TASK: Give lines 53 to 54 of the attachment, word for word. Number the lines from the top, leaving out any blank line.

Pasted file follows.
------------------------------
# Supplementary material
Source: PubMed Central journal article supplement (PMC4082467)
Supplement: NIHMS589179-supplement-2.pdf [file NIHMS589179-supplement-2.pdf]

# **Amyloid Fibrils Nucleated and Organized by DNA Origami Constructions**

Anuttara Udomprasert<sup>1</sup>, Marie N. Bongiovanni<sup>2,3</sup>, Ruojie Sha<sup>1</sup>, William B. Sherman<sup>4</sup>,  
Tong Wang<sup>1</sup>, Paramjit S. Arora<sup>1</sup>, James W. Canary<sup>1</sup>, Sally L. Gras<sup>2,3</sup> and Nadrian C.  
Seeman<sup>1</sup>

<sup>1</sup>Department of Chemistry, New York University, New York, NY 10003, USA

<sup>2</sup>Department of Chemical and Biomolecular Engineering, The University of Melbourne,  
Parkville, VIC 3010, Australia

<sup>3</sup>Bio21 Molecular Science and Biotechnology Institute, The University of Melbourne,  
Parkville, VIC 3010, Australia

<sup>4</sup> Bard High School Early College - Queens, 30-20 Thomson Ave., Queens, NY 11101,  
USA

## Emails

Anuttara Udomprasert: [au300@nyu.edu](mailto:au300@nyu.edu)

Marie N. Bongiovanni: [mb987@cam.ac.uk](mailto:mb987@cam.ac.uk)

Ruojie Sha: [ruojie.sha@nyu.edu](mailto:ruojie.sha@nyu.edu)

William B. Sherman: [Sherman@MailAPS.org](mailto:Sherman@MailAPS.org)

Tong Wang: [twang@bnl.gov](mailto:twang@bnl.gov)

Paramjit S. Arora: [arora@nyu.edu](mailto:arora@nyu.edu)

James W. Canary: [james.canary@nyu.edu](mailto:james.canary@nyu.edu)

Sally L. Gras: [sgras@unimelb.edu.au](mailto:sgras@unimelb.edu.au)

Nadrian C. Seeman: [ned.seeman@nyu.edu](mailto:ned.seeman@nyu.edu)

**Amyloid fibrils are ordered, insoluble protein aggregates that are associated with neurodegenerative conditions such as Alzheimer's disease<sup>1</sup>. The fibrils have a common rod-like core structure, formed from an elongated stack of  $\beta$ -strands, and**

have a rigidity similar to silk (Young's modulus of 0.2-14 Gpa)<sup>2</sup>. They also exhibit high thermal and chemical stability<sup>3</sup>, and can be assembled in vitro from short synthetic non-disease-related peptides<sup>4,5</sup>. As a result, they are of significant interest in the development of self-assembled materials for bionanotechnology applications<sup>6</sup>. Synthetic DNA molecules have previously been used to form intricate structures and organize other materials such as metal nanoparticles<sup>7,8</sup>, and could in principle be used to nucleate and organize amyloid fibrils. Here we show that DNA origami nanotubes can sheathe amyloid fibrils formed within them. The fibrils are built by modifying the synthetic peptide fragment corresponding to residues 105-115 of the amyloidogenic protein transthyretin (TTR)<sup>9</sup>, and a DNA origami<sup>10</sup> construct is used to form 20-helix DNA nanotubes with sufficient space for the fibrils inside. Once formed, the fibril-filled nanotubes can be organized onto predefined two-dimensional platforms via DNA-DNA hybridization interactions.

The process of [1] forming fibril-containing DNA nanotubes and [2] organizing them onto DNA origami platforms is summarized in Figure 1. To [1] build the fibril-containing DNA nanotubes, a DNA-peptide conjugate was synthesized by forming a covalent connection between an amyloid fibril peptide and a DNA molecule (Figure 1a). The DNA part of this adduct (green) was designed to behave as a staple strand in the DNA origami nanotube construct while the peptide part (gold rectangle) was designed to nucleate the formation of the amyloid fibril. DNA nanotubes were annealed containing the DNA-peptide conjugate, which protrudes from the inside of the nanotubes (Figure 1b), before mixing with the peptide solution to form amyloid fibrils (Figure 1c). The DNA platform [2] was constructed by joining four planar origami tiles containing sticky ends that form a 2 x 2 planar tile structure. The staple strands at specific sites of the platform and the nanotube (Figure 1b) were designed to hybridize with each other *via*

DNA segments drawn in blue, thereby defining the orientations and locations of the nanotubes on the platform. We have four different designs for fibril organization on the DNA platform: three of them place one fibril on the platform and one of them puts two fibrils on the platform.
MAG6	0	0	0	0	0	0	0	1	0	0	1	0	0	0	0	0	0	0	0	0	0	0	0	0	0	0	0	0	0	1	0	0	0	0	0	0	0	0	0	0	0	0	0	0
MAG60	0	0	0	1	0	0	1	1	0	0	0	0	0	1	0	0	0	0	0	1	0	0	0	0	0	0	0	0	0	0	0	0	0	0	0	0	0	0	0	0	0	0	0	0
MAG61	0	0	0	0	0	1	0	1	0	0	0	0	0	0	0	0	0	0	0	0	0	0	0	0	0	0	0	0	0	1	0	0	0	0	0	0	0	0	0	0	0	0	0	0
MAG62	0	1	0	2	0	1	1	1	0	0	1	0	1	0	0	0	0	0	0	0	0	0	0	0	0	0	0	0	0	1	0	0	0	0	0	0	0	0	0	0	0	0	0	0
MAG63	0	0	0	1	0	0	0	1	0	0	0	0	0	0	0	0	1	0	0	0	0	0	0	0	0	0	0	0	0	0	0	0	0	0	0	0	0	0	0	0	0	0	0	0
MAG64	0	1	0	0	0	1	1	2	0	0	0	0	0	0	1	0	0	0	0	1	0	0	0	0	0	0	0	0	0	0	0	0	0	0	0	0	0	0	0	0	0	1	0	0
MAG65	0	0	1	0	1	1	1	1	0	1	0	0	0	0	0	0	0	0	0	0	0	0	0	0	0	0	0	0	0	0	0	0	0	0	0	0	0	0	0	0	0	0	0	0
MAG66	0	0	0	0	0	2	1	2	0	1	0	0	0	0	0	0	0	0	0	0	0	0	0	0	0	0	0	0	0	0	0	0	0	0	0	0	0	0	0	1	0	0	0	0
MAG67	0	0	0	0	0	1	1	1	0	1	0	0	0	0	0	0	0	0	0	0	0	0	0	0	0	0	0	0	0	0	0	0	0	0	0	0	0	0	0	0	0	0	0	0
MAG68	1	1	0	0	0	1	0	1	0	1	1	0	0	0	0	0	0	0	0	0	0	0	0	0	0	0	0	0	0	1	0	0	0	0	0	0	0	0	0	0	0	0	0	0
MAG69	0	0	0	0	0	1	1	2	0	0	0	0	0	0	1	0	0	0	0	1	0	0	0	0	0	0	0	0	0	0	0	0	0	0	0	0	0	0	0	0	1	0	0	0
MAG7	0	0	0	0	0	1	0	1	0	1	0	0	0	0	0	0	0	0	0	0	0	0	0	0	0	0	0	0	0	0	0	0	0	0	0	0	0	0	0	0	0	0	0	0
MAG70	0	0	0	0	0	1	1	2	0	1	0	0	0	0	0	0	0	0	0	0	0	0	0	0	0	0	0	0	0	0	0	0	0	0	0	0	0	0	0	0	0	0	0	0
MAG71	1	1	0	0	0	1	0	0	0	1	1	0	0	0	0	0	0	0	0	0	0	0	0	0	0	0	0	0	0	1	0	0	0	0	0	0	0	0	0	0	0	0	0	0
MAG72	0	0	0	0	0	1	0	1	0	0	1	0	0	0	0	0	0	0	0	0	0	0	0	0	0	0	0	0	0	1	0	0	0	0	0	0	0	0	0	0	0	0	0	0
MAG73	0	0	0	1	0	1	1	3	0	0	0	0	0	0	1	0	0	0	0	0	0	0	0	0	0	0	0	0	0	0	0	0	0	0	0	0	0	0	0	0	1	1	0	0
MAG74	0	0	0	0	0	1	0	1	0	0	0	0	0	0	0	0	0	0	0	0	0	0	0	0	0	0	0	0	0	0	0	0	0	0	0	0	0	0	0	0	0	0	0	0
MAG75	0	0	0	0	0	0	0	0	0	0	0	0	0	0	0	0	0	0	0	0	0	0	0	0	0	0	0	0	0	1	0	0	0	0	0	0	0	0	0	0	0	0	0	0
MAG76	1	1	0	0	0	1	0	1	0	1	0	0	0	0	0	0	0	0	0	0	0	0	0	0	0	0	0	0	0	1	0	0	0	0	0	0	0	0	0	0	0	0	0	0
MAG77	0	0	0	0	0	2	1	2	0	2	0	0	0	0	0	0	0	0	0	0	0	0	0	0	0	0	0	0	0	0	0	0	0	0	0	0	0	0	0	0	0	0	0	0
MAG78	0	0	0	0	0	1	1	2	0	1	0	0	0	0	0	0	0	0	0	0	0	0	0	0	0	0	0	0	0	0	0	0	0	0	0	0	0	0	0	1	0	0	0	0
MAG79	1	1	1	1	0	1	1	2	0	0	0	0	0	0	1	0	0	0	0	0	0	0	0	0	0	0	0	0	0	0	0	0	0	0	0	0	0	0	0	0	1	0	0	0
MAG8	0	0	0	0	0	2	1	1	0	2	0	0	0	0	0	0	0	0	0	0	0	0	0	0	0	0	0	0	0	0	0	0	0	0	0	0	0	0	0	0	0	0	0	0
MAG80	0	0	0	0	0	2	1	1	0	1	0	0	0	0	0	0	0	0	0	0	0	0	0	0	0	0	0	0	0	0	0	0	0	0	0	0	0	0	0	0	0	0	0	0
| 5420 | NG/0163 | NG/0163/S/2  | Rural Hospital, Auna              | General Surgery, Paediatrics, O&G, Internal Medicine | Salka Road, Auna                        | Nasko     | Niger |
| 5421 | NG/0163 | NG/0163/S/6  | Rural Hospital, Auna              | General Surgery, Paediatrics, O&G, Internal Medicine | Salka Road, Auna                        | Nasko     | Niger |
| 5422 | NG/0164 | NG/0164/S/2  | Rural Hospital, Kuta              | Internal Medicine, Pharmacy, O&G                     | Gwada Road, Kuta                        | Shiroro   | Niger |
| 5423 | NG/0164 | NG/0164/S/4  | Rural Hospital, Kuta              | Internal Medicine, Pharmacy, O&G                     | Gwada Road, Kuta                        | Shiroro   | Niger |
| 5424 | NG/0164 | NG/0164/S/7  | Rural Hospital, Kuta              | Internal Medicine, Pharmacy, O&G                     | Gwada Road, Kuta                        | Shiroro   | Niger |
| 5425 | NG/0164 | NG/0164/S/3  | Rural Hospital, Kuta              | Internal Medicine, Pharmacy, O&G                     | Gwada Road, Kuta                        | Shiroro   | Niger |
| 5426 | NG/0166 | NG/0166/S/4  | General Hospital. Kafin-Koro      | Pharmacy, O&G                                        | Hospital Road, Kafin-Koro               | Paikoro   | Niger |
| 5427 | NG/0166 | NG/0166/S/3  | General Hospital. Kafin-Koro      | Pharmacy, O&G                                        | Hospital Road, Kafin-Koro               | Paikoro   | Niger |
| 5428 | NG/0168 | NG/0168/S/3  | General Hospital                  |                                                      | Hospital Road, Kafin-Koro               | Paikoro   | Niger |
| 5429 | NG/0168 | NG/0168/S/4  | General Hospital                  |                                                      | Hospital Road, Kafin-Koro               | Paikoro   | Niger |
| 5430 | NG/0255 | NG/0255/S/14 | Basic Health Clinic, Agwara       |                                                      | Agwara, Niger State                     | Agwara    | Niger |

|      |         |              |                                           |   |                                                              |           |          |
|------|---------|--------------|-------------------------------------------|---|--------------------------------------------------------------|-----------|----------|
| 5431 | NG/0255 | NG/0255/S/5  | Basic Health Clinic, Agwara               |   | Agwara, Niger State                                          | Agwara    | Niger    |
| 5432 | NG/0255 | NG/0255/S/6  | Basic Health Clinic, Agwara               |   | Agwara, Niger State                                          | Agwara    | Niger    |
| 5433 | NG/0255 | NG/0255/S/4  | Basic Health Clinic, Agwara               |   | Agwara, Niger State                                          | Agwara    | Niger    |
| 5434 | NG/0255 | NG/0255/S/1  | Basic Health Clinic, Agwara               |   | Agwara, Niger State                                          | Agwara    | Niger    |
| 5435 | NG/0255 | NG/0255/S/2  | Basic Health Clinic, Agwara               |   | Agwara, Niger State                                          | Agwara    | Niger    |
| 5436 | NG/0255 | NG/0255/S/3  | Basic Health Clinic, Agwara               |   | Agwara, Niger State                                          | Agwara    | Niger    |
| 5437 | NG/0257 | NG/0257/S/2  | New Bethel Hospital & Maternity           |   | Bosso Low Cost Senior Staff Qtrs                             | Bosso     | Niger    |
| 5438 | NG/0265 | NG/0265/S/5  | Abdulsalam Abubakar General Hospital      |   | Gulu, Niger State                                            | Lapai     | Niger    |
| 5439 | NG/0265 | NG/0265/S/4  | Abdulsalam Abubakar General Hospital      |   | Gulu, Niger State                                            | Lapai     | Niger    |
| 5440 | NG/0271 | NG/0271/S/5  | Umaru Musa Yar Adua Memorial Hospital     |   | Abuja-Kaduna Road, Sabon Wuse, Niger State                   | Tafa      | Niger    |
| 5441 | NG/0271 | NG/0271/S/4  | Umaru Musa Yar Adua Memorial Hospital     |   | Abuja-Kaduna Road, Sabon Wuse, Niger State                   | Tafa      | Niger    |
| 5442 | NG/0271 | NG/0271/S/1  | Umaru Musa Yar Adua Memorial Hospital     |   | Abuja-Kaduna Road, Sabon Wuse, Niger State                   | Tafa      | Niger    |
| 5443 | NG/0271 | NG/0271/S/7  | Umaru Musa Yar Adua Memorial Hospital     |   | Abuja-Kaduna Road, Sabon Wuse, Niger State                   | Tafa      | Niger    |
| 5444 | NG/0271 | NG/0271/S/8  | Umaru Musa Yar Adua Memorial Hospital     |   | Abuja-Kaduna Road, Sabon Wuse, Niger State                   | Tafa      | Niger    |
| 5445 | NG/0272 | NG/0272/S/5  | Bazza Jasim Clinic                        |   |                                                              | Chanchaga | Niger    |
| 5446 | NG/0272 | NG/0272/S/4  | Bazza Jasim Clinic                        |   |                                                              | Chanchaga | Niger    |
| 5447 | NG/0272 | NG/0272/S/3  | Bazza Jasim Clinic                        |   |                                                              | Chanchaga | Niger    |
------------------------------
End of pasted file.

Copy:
| 5420 | NG/0163 | NG/0163/S/2  | Rural Hospital, Auna              | General Surgery, Paediatrics, O&G, Internal Medicine | Salka Road, Auna                        | Nasko     | Niger |
| 5421 | NG/0163 | NG/0163/S/6  | Rural Hospital, Auna              | General Surgery, Paediatrics, O&G, Internal Medicine | Salka Road, Auna                        | Nasko     | Niger |